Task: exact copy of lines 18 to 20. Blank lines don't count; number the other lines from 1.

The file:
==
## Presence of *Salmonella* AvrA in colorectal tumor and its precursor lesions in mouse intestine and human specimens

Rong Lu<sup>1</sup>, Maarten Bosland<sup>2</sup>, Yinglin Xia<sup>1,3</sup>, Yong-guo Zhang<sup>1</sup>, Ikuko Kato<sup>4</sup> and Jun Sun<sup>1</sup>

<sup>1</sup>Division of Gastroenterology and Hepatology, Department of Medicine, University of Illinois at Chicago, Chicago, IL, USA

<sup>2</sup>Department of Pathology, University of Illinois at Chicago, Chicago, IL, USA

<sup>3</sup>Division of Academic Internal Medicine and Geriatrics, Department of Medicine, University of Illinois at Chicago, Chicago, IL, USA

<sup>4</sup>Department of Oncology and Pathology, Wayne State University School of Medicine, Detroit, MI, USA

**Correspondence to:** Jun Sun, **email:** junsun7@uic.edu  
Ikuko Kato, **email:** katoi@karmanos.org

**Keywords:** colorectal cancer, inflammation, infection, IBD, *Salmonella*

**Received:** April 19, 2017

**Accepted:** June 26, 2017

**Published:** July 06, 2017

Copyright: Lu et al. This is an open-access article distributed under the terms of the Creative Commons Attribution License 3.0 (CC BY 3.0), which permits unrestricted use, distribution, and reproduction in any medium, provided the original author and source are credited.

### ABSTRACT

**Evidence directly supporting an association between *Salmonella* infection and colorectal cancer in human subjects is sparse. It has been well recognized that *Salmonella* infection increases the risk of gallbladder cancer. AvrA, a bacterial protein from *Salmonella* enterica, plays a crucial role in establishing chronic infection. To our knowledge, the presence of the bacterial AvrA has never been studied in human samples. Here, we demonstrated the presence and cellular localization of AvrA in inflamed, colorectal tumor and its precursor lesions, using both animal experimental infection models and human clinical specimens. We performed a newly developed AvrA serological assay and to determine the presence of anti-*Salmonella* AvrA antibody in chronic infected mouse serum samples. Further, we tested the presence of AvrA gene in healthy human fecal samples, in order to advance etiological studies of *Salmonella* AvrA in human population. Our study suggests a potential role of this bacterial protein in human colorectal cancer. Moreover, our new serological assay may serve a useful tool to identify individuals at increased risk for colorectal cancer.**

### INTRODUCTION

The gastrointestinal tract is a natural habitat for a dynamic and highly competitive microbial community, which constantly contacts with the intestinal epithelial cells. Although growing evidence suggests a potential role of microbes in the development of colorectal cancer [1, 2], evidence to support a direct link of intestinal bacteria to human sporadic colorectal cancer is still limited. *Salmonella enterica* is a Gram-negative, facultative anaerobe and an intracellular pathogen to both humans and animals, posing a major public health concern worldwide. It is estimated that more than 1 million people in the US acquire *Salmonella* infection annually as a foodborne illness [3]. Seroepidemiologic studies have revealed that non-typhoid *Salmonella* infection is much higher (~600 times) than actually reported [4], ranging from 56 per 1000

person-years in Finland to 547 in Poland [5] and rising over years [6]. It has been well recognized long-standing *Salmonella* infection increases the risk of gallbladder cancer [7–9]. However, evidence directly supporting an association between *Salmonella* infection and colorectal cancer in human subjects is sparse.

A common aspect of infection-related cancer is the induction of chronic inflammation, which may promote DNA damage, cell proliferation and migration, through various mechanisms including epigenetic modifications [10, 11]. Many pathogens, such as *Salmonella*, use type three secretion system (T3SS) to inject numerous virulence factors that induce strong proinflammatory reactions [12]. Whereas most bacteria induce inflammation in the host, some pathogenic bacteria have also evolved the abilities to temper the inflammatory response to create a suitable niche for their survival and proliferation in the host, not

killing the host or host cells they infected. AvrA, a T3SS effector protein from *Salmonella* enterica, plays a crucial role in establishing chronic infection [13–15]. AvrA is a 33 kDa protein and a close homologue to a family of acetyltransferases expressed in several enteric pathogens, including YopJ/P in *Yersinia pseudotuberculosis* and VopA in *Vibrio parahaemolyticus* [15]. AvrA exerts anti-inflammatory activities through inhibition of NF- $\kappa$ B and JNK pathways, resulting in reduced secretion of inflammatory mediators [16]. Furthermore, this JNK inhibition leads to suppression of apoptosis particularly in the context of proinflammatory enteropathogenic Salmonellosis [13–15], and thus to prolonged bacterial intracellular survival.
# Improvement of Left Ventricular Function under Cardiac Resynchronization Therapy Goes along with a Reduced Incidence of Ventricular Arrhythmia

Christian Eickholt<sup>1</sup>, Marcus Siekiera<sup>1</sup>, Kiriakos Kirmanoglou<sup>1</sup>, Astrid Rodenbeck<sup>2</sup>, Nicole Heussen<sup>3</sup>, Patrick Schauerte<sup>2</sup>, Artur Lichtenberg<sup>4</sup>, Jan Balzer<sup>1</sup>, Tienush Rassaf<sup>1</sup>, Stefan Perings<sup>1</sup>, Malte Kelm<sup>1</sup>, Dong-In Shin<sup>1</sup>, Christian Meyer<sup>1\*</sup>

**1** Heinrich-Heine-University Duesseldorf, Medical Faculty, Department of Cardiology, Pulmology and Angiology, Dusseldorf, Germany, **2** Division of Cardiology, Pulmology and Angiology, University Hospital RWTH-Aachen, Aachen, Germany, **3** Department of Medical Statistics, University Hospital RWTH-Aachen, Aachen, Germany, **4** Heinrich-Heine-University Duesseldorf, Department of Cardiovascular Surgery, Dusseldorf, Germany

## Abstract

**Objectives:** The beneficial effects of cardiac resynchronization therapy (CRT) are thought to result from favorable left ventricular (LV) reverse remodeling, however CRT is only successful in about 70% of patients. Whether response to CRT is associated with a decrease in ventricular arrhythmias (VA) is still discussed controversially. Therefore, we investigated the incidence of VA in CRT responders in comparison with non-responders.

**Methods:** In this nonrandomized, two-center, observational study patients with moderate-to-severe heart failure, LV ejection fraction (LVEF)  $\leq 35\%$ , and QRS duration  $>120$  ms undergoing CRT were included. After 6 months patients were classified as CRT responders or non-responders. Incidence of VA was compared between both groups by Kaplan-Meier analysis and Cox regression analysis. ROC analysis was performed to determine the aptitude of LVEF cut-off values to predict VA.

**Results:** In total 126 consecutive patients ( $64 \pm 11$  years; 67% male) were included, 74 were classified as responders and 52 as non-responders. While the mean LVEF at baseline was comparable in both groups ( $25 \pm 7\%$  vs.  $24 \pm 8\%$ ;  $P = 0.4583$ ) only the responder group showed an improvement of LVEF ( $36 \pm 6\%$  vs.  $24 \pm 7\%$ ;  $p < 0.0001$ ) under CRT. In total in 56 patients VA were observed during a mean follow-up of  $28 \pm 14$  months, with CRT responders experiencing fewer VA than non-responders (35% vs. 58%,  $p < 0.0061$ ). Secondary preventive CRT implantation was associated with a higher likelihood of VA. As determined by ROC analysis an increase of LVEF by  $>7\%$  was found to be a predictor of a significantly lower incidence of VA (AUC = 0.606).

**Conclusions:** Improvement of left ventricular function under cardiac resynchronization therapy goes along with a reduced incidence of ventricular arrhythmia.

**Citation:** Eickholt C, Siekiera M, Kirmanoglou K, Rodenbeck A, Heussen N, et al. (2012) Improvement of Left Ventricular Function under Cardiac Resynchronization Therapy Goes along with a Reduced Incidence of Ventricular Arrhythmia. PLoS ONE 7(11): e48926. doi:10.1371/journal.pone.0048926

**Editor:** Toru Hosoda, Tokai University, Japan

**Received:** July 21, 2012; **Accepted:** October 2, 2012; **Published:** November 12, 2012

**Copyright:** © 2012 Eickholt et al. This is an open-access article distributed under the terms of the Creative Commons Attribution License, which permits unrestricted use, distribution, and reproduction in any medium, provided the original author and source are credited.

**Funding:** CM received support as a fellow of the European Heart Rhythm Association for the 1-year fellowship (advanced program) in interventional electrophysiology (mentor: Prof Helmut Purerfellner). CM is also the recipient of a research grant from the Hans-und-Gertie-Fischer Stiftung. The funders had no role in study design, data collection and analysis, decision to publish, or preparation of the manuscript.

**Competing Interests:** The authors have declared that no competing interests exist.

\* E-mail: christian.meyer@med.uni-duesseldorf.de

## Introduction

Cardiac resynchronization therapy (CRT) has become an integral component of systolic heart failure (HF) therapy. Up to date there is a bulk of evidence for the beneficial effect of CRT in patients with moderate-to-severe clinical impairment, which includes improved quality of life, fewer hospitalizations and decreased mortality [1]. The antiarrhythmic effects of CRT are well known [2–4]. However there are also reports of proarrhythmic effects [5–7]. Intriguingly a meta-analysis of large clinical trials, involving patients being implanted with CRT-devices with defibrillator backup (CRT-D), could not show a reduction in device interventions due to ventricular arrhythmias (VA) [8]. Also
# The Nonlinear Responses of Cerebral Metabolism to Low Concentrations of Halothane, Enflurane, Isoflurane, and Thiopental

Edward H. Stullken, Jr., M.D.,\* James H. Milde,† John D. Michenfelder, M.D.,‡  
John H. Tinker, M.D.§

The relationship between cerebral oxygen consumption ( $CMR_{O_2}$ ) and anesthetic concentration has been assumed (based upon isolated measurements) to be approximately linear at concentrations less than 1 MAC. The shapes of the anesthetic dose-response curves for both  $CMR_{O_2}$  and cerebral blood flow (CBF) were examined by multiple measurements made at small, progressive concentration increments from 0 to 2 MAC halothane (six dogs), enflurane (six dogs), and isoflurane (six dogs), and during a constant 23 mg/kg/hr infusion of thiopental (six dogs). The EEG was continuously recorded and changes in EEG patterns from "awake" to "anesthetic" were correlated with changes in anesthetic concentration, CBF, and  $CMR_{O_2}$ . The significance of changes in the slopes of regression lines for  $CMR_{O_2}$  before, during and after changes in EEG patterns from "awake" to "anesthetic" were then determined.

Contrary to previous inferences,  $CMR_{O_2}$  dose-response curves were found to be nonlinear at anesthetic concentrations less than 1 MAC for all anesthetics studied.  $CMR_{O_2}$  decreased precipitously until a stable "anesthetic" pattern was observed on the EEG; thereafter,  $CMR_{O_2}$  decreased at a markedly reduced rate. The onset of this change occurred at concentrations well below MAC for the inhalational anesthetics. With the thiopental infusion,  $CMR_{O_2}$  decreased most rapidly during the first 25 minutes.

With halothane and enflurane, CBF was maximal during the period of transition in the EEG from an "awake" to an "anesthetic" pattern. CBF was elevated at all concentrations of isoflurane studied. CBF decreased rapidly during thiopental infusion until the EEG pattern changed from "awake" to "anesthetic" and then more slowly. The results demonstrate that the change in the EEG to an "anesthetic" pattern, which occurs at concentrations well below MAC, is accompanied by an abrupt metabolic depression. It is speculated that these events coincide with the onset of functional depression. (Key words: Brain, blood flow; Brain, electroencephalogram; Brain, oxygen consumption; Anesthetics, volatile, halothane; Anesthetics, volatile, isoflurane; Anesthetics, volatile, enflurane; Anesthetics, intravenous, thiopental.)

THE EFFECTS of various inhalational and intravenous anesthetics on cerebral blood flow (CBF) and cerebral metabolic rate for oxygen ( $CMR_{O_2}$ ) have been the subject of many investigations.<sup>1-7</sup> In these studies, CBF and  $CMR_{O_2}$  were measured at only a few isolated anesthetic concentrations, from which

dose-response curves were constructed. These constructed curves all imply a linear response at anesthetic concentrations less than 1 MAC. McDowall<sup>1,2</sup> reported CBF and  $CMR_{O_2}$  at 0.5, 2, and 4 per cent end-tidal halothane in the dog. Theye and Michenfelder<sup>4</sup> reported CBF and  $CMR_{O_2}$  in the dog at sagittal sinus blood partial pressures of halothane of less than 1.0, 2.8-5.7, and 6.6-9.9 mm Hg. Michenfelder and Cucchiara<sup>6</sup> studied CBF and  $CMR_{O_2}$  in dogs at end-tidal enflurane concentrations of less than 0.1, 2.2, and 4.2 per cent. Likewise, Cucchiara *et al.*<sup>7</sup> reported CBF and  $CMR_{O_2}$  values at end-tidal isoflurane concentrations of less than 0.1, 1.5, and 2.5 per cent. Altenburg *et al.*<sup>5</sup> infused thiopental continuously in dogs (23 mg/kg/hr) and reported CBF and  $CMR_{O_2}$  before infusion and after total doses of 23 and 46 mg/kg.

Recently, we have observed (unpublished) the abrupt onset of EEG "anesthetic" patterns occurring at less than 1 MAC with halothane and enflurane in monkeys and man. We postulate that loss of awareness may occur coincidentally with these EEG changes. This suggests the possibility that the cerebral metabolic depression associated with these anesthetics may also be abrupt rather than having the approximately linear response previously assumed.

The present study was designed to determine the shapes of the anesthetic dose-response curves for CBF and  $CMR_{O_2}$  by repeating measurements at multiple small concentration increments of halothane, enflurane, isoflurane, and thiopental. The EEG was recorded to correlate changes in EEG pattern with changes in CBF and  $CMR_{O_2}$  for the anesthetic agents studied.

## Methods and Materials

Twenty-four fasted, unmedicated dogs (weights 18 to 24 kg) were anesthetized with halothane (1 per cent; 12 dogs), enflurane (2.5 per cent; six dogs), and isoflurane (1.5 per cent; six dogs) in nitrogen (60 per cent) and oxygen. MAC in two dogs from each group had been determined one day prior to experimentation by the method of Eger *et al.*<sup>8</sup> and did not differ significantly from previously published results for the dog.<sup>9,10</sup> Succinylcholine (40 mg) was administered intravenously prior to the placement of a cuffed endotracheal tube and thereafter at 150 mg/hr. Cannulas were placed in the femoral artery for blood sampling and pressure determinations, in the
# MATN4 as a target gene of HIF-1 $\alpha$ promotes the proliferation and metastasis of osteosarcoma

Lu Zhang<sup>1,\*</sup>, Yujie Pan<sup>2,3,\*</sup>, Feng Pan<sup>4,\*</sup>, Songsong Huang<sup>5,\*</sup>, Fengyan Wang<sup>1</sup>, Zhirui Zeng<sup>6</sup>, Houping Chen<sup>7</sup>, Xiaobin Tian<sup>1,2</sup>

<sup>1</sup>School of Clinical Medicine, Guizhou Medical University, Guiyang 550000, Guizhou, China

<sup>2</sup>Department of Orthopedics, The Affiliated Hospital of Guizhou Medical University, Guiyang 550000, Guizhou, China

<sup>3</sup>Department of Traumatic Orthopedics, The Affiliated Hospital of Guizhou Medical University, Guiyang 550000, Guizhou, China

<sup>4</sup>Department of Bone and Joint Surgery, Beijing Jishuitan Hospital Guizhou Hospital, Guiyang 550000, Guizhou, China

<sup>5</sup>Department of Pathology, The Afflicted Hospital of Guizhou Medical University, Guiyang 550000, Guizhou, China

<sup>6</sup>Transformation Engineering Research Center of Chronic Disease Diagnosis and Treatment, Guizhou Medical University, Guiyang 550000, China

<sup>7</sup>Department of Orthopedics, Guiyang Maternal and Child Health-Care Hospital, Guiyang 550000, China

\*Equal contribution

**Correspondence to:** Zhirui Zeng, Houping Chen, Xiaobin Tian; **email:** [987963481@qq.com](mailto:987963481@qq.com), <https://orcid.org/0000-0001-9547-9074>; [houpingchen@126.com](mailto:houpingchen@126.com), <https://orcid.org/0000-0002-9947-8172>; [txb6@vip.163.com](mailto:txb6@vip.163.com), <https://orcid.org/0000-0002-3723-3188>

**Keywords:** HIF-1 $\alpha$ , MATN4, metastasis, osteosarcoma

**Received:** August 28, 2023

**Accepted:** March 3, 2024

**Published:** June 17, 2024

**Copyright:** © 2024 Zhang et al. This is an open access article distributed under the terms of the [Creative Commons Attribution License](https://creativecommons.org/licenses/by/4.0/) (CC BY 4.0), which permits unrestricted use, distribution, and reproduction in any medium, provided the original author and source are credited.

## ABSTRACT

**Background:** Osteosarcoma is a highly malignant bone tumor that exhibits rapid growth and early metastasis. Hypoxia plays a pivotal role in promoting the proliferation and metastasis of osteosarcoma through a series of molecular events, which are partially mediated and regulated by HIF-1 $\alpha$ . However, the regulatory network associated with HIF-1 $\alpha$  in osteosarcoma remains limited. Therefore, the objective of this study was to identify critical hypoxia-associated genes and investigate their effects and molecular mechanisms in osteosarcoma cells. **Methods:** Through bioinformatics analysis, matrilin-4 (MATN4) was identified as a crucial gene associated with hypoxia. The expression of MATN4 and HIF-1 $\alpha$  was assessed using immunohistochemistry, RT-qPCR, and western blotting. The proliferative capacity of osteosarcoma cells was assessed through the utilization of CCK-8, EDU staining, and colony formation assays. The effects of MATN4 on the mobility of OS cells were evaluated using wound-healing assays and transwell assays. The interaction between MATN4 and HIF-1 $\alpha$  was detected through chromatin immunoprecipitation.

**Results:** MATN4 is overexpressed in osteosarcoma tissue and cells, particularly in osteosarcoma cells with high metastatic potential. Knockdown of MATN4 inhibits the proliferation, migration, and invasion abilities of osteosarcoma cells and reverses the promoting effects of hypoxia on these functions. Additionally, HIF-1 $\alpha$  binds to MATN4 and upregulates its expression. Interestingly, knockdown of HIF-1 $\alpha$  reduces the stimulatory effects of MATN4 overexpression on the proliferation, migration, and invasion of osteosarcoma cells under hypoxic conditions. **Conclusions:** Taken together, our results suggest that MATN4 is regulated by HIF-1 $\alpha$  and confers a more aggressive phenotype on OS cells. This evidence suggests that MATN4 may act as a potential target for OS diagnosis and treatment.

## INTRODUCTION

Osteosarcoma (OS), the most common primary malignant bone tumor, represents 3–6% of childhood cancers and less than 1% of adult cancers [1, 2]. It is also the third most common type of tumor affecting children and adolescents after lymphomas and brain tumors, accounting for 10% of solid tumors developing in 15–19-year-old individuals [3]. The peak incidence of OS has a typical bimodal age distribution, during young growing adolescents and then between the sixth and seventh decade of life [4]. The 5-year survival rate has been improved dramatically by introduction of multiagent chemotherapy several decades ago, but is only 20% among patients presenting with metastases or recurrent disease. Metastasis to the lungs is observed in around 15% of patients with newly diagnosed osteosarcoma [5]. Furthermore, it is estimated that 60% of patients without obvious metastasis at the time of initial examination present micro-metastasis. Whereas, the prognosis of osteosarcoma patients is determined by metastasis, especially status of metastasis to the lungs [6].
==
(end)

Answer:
person-years in Finland to 547 in Poland [5] and rising over years [6]. It has been well recognized long-standing *Salmonella* infection increases the risk of gallbladder cancer [7–9]. However, evidence directly supporting an association between *Salmonella* infection and colorectal cancer in human subjects is sparse.

A common aspect of infection-related cancer is the induction of chronic inflammation, which may promote DNA damage, cell proliferation and migration, through various mechanisms including epigenetic modifications [10, 11]. Many pathogens, such as *Salmonella*, use type three secretion system (T3SS) to inject numerous virulence factors that induce strong proinflammatory reactions [12]. Whereas most bacteria induce inflammation in the host, some pathogenic bacteria have also evolved the abilities to temper the inflammatory response to create a suitable niche for their survival and proliferation in the host, not

killing the host or host cells they infected. AvrA, a T3SS effector protein from *Salmonella* enterica, plays a crucial role in establishing chronic infection [13–15]. AvrA is a 33 kDa protein and a close homologue to a family of acetyltransferases expressed in several enteric pathogens, including YopJ/P in *Yersinia pseudotuberculosis* and VopA in *Vibrio parahaemolyticus* [15]. AvrA exerts anti-inflammatory activities through inhibition of NF- $\kappa$ B and JNK pathways, resulting in reduced secretion of inflammatory mediators [16]. Furthermore, this JNK inhibition leads to suppression of apoptosis particularly in the context of proinflammatory enteropathogenic Salmonellosis [13–15], and thus to prolonged bacterial intracellular survival.